Both Commercial printers I use print from Chromira and a large format epson inkjet (40"). The latter provides more detail and color gamut, while the Chromira is a more traditional photo printer with projection of the image onto photo sensitive paper (usually Fuji Archival). The relative qualities are quite different, and my choice depends on the type of image and color range.

    I will make sure to follow your directives when I deliver my 14 bit Tif files converted via NX-D. I am not sure if the metadata is available with these files, but will check.

    Thanks for your insight.
  • ggbutcherggbutcher Posts: 305Member
    flip said:

    GG, Thanks for your knowledge. I have a newer 27" HP (within 2 years) and correct me if I am wrong, but I don't think calibration is necessary.

    If a viewing program is color-managed, what it does is to extract the embedded profile from the image file and use that data to transform the image from that colorspace to the display colorspace. For it to do that, it needs a profile file with the display colorspace information. "Calibration" in this use is a bit of a misnomer, as what's really pertinent is "characterization". The display profile contains the characteristics of the display necessary for the viewer program to do the image color transform.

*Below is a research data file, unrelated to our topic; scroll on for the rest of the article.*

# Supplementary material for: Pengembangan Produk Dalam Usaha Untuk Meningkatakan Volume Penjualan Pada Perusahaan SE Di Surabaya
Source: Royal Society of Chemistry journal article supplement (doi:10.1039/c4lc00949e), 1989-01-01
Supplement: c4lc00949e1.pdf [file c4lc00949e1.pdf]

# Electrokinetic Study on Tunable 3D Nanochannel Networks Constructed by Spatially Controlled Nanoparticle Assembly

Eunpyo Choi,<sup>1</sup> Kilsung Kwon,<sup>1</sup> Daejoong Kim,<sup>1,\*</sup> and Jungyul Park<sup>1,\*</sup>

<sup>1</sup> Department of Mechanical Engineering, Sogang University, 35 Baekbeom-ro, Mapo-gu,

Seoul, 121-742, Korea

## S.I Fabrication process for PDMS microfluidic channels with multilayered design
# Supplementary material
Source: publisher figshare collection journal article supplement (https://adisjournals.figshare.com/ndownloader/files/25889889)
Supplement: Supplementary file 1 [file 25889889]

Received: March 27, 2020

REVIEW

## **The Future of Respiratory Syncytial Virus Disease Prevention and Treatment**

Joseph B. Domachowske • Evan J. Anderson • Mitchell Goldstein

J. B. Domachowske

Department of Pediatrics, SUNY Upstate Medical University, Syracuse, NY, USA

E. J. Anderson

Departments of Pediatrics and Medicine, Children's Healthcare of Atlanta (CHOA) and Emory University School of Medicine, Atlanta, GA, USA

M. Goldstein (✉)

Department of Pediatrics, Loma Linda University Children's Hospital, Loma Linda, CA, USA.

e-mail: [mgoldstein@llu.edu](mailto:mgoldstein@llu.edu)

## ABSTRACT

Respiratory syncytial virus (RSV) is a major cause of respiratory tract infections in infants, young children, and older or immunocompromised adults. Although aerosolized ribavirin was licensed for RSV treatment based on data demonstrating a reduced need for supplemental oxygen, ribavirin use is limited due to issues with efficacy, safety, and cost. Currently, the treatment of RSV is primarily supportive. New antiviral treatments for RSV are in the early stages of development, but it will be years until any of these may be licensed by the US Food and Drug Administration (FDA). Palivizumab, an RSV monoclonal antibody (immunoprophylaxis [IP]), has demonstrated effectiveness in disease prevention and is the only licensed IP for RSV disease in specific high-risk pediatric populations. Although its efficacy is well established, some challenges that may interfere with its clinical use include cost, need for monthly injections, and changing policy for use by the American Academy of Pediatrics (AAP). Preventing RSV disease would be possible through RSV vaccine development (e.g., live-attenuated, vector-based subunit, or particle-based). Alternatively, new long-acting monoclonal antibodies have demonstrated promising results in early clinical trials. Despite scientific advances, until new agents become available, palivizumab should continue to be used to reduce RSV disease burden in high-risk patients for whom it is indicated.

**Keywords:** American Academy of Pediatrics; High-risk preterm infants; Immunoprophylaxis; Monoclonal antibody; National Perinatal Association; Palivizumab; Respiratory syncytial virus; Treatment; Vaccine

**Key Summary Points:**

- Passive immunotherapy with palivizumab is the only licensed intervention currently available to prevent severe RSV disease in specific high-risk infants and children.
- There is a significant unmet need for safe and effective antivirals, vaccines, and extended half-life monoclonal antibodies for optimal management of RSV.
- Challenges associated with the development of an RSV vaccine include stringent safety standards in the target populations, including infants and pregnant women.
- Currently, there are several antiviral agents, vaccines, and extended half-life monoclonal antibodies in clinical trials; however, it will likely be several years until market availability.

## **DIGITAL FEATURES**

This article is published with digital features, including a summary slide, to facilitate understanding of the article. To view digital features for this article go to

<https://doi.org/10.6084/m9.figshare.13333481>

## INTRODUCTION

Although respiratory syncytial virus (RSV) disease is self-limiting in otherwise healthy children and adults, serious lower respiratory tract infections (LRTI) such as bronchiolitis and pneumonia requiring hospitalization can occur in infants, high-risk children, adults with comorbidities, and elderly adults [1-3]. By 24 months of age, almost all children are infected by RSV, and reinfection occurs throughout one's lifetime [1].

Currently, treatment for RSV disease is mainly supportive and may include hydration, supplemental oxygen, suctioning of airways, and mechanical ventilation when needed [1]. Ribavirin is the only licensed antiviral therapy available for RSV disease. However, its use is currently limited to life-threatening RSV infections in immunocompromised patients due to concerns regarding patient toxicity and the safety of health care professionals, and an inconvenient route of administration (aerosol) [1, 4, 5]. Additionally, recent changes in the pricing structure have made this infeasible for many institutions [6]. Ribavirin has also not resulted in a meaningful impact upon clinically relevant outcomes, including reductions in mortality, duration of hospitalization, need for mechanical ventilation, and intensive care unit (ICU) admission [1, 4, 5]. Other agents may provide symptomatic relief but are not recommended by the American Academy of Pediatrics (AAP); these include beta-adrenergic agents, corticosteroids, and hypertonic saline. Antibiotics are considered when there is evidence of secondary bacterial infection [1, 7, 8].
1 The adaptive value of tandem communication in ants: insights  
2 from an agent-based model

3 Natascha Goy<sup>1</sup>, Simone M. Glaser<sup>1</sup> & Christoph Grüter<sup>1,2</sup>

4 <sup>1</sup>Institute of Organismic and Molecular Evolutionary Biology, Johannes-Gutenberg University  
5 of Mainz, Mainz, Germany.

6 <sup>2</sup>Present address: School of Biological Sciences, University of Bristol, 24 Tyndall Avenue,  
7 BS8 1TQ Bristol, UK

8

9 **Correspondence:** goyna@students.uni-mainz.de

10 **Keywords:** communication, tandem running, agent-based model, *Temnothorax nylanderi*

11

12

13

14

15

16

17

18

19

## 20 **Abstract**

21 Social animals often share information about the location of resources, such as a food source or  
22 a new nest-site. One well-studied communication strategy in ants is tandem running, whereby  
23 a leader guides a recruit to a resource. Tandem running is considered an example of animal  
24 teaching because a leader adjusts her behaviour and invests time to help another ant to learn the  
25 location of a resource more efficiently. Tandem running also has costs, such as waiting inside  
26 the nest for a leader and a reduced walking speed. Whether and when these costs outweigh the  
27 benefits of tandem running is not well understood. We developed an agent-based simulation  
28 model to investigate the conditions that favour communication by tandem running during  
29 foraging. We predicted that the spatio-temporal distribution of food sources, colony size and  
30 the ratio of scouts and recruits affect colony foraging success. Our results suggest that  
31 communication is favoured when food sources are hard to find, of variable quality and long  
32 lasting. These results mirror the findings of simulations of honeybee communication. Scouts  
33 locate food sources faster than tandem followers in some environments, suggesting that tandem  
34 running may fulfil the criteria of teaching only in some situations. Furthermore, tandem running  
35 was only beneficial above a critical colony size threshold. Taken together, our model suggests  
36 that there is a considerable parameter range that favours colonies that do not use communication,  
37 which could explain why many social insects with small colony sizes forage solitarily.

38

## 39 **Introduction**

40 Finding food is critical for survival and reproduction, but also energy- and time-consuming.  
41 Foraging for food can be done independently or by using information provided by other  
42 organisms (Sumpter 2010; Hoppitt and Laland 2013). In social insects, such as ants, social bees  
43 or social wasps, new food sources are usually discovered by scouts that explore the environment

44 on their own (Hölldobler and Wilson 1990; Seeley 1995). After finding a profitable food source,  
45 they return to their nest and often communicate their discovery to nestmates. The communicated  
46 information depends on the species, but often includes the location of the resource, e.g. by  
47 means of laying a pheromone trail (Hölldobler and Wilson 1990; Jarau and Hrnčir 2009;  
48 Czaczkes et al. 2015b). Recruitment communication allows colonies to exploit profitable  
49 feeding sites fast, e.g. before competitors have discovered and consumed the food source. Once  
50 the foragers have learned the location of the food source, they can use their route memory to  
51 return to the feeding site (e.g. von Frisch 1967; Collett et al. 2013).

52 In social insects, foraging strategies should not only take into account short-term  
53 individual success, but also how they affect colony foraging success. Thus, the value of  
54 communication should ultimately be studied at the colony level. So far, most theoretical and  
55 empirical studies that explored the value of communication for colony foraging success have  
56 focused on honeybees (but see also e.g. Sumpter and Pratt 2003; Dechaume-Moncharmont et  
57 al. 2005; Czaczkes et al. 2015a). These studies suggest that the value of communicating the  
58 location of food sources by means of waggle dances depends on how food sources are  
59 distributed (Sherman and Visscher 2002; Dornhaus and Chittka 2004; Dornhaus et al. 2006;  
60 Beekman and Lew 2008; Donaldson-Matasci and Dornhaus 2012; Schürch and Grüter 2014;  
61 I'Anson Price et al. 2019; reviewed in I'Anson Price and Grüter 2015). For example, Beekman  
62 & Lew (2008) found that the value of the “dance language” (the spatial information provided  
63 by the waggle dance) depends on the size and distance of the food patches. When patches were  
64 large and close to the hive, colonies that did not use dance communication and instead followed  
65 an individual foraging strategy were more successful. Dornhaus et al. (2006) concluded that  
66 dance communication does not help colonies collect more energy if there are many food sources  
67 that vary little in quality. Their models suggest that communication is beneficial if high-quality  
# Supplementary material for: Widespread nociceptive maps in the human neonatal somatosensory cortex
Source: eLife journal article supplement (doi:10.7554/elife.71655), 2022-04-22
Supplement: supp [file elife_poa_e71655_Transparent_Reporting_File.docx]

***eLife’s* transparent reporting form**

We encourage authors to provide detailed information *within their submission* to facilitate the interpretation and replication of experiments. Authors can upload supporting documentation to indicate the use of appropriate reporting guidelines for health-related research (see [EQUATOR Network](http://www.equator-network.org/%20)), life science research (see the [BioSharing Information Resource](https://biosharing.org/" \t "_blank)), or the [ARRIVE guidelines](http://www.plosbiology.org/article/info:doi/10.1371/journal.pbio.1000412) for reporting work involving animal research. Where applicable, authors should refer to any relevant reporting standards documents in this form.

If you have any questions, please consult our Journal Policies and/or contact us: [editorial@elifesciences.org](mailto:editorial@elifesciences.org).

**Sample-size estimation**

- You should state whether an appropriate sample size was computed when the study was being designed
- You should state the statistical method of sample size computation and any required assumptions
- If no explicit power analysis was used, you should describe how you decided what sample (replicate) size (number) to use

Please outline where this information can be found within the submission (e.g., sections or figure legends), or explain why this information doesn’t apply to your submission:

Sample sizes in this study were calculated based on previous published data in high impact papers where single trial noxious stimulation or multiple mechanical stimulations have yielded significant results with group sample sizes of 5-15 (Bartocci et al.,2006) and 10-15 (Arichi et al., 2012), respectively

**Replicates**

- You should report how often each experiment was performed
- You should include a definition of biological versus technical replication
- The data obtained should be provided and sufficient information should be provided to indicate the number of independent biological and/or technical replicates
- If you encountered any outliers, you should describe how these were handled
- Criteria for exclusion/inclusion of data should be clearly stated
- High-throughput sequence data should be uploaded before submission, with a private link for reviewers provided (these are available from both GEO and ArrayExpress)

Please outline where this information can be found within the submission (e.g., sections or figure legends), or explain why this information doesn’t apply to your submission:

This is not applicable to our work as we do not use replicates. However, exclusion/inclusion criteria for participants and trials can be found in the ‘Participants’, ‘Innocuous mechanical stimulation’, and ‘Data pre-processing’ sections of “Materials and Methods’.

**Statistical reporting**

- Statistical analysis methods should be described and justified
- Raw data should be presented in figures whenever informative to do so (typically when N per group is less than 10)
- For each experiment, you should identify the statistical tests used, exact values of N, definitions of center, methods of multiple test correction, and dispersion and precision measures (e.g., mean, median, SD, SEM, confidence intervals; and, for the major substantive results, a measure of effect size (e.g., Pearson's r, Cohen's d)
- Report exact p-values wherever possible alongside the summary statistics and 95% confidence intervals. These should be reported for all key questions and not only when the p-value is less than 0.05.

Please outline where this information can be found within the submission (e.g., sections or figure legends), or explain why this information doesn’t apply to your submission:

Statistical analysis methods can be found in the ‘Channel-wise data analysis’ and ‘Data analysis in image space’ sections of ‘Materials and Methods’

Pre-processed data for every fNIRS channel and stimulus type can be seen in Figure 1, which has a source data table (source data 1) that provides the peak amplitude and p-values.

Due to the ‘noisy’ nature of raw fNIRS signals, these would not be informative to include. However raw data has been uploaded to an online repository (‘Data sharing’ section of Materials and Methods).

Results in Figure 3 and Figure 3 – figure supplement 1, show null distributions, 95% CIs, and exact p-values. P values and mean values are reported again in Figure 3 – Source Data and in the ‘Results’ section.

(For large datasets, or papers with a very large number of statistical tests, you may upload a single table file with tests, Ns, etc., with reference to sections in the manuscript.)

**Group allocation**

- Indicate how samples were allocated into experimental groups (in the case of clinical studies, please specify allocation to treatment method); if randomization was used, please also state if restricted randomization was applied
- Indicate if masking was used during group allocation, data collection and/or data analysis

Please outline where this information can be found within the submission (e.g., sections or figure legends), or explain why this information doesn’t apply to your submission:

Looks like you have equipment that can accommodate the likes of AdobeRGB without transforming. Just keep in mind that us poor folk are still on sRGB-class hardware... :disappointed:
  • flipflip Posts: 144Member